The plaintiff purchased a small bottle of Canada Dry ginger ale from the defendant James C. Fettes, Inc., which operated a package store. There was evidence which would have warranted the jury in finding that the defendant Canada Dry Bottling Company of Springfield had bottled the beverage and delivered it to the defendant package store for sale. Four or five minutes after the plaintiff left the package store, and while in a truck which had given him a smooth ride to a parking lot, the bottle exploded, seriously injuring the plaintiff's left eye. Of the five counts contained in the plaintiff's declaration, one was in contract for breach of warranty against the defendant package store and another was in tort for negligence against the defendant bottling company. The defendants except to the denial of their motions for a directed verdict on the count pertaining to each. There was no error. With respect to the defendant package store, adequate notice under G. L. c. 106, Section 2-607 (3) (a), was given. We see no variance in that the declaration alleged that the bottle contained soda while the notice referred both to ginger ale and soda. The plaintiff ultimately testified that ginger ale was what he purchased. As the plaintiff correctly contends, ginger ale is carbonated and is a soda. There was evidence of due care in the handling by the retailer of the bottle and by the plaintiff after his purchase.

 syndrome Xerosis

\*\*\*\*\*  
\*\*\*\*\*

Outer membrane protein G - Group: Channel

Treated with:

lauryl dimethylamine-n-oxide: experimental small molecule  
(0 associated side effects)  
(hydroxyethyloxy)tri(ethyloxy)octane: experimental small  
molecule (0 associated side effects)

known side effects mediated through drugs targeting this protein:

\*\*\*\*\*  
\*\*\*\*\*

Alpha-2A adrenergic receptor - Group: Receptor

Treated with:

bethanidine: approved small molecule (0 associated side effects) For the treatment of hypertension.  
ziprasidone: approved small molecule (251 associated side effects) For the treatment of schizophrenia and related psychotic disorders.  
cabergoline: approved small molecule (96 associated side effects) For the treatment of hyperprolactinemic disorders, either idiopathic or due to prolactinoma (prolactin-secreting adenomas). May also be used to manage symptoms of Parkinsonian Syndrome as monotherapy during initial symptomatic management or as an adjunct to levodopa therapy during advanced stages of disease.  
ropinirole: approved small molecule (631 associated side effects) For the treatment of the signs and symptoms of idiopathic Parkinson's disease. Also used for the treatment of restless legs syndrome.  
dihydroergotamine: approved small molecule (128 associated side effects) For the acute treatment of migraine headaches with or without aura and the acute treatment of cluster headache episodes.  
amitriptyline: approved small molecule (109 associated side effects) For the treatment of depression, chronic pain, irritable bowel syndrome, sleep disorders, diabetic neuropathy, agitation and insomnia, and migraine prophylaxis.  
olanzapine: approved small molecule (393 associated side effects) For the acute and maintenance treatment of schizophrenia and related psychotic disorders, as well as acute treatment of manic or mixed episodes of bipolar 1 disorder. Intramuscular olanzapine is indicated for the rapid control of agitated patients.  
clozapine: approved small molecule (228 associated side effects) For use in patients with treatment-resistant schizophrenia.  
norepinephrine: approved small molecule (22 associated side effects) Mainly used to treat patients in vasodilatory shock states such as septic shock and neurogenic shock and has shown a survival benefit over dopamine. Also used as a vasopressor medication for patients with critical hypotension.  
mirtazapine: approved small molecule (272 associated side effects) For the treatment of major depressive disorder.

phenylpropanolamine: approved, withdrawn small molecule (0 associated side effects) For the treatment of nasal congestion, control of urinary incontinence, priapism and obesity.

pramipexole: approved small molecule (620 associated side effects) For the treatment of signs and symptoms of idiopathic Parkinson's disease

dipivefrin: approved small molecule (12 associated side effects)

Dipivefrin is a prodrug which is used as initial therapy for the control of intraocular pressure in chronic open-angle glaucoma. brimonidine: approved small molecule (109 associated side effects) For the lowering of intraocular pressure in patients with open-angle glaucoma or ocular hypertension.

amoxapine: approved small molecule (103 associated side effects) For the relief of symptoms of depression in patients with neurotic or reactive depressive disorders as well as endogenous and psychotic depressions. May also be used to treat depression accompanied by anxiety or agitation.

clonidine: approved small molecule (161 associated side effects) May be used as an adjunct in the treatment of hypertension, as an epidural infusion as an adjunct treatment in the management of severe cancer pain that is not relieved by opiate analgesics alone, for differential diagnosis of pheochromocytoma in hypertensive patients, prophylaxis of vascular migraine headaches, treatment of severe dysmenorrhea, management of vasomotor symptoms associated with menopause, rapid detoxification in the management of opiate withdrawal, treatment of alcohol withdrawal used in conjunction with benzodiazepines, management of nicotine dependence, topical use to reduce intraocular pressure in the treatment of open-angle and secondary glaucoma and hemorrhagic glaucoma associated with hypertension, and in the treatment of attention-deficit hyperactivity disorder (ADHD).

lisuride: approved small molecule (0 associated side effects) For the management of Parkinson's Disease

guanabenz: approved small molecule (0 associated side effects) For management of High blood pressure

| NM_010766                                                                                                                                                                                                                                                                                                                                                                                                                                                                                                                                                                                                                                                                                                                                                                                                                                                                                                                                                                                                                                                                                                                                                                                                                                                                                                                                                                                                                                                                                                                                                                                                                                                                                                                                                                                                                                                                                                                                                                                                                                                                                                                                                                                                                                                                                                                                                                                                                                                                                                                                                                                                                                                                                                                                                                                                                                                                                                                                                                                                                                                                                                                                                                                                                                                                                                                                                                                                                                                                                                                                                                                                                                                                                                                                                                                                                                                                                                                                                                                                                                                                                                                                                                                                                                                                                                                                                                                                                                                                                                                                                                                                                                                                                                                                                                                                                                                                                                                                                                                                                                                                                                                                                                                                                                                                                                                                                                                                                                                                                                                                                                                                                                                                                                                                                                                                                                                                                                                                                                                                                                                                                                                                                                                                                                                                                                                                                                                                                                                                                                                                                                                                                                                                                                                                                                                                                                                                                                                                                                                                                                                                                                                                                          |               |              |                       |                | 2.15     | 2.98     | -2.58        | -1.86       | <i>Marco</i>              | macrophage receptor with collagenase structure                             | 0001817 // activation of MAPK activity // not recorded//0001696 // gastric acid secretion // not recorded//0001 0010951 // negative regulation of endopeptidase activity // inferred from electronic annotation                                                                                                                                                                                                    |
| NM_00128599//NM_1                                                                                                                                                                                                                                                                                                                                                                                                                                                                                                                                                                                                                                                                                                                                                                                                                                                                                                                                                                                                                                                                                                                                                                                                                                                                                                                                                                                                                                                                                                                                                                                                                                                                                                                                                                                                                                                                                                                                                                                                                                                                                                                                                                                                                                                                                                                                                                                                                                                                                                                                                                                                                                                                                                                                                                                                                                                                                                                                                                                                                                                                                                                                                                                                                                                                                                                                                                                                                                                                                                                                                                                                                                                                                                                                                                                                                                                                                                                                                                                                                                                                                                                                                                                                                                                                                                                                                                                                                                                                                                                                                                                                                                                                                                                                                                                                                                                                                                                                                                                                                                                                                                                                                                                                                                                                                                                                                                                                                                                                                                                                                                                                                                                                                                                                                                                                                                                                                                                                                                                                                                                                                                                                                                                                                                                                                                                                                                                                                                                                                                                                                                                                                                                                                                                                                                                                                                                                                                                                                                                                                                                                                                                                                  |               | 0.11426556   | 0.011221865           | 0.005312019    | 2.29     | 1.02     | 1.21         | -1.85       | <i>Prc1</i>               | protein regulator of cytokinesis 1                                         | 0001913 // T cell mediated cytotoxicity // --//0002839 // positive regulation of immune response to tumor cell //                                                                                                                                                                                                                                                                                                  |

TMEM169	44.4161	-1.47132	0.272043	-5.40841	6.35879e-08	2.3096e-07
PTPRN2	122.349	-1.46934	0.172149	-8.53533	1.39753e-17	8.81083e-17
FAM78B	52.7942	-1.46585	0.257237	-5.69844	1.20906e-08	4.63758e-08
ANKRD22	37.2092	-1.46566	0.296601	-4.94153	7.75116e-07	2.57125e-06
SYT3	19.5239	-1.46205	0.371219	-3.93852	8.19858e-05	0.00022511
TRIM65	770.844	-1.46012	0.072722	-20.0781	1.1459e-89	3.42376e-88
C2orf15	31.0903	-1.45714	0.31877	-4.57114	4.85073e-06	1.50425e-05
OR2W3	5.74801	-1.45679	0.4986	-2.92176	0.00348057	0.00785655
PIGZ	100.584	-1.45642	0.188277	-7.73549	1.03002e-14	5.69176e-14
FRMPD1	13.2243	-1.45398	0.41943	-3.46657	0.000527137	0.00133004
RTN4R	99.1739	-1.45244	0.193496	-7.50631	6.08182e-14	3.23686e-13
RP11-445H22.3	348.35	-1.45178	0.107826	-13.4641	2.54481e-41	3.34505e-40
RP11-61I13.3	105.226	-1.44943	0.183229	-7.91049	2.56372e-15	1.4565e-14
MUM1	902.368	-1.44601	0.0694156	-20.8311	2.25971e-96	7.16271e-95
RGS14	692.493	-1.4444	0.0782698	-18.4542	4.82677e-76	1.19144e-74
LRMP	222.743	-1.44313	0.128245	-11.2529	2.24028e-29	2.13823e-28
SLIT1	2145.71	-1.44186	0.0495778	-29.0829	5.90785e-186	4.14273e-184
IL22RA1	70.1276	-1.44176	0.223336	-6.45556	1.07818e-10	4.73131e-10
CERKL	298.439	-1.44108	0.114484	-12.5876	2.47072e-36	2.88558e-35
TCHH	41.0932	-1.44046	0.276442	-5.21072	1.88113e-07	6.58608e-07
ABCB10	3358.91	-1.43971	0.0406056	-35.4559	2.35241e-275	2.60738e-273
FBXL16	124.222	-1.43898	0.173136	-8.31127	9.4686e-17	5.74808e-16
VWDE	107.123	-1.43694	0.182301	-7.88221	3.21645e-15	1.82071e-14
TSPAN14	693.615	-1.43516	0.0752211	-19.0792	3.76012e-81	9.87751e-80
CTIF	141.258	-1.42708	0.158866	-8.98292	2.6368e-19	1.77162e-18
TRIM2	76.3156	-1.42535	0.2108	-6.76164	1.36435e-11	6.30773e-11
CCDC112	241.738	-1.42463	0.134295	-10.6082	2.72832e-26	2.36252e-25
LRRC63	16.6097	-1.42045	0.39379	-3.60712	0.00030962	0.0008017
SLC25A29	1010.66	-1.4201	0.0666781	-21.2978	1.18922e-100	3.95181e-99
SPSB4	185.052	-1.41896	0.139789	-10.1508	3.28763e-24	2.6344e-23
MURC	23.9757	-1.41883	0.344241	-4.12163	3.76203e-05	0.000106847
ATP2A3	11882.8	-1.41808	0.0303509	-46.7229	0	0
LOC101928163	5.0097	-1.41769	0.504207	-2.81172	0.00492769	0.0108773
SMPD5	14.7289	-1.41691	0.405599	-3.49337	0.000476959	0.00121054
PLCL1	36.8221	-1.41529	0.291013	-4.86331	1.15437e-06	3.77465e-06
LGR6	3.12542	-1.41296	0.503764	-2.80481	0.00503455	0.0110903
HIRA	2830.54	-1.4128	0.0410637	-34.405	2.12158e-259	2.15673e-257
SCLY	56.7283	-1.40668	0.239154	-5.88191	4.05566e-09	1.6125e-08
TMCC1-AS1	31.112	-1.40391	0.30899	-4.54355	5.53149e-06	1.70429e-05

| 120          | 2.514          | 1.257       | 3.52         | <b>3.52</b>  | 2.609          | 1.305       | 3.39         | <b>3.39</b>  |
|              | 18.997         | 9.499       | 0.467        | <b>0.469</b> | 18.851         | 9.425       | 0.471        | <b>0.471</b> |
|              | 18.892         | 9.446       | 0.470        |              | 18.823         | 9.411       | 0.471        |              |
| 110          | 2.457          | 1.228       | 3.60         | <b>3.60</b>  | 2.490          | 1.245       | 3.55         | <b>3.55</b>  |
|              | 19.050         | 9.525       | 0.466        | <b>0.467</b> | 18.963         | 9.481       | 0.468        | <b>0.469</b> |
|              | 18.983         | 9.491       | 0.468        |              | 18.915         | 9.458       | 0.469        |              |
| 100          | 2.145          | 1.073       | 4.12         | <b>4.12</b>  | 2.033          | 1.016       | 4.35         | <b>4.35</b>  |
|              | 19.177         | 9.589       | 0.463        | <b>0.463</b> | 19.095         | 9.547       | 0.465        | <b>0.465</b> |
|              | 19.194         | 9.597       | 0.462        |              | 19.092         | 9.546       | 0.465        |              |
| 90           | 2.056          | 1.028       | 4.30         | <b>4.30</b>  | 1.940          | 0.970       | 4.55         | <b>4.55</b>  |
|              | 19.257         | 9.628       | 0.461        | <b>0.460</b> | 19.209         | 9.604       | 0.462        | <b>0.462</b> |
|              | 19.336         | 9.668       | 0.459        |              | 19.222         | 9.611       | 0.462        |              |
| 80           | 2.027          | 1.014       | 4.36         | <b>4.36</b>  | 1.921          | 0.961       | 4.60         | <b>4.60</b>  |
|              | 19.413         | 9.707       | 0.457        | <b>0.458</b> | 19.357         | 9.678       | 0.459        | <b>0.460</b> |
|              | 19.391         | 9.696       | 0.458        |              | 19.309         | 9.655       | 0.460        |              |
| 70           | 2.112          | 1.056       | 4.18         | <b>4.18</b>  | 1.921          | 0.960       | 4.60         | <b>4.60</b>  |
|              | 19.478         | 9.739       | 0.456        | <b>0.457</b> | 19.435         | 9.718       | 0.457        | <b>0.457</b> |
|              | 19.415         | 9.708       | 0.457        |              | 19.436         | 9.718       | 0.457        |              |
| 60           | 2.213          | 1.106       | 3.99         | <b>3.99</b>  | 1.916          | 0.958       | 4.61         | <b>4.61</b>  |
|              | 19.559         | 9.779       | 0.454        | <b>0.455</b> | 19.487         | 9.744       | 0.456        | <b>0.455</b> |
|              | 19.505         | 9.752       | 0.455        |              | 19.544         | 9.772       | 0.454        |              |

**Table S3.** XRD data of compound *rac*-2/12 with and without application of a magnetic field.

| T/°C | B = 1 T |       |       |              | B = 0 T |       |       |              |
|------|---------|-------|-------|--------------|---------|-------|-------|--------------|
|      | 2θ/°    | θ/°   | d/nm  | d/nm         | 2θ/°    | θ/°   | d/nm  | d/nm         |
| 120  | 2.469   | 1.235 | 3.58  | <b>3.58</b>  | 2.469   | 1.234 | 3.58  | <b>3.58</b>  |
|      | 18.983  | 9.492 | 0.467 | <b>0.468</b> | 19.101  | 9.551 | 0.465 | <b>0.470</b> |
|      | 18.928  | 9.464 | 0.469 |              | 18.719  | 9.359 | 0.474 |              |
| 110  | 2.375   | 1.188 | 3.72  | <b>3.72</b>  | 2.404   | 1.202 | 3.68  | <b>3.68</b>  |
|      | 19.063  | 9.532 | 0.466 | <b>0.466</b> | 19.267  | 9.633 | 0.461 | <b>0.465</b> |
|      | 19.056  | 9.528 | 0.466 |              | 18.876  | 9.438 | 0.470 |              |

Evangelio v. Metropolitan Bottling Co. Inc. 339 Mass. 177 , 183, and cases cited. Cf. Rafferty v. Hull Brewing Co. 350 Mass. 359 , 363. The instruction by the trial judge on phases of the law of negligence was as favorable to the defendant bottling company as was required, if not more so. See Rafferty v. Hull Brewing Co. 350 Mass. 359 , 362-363.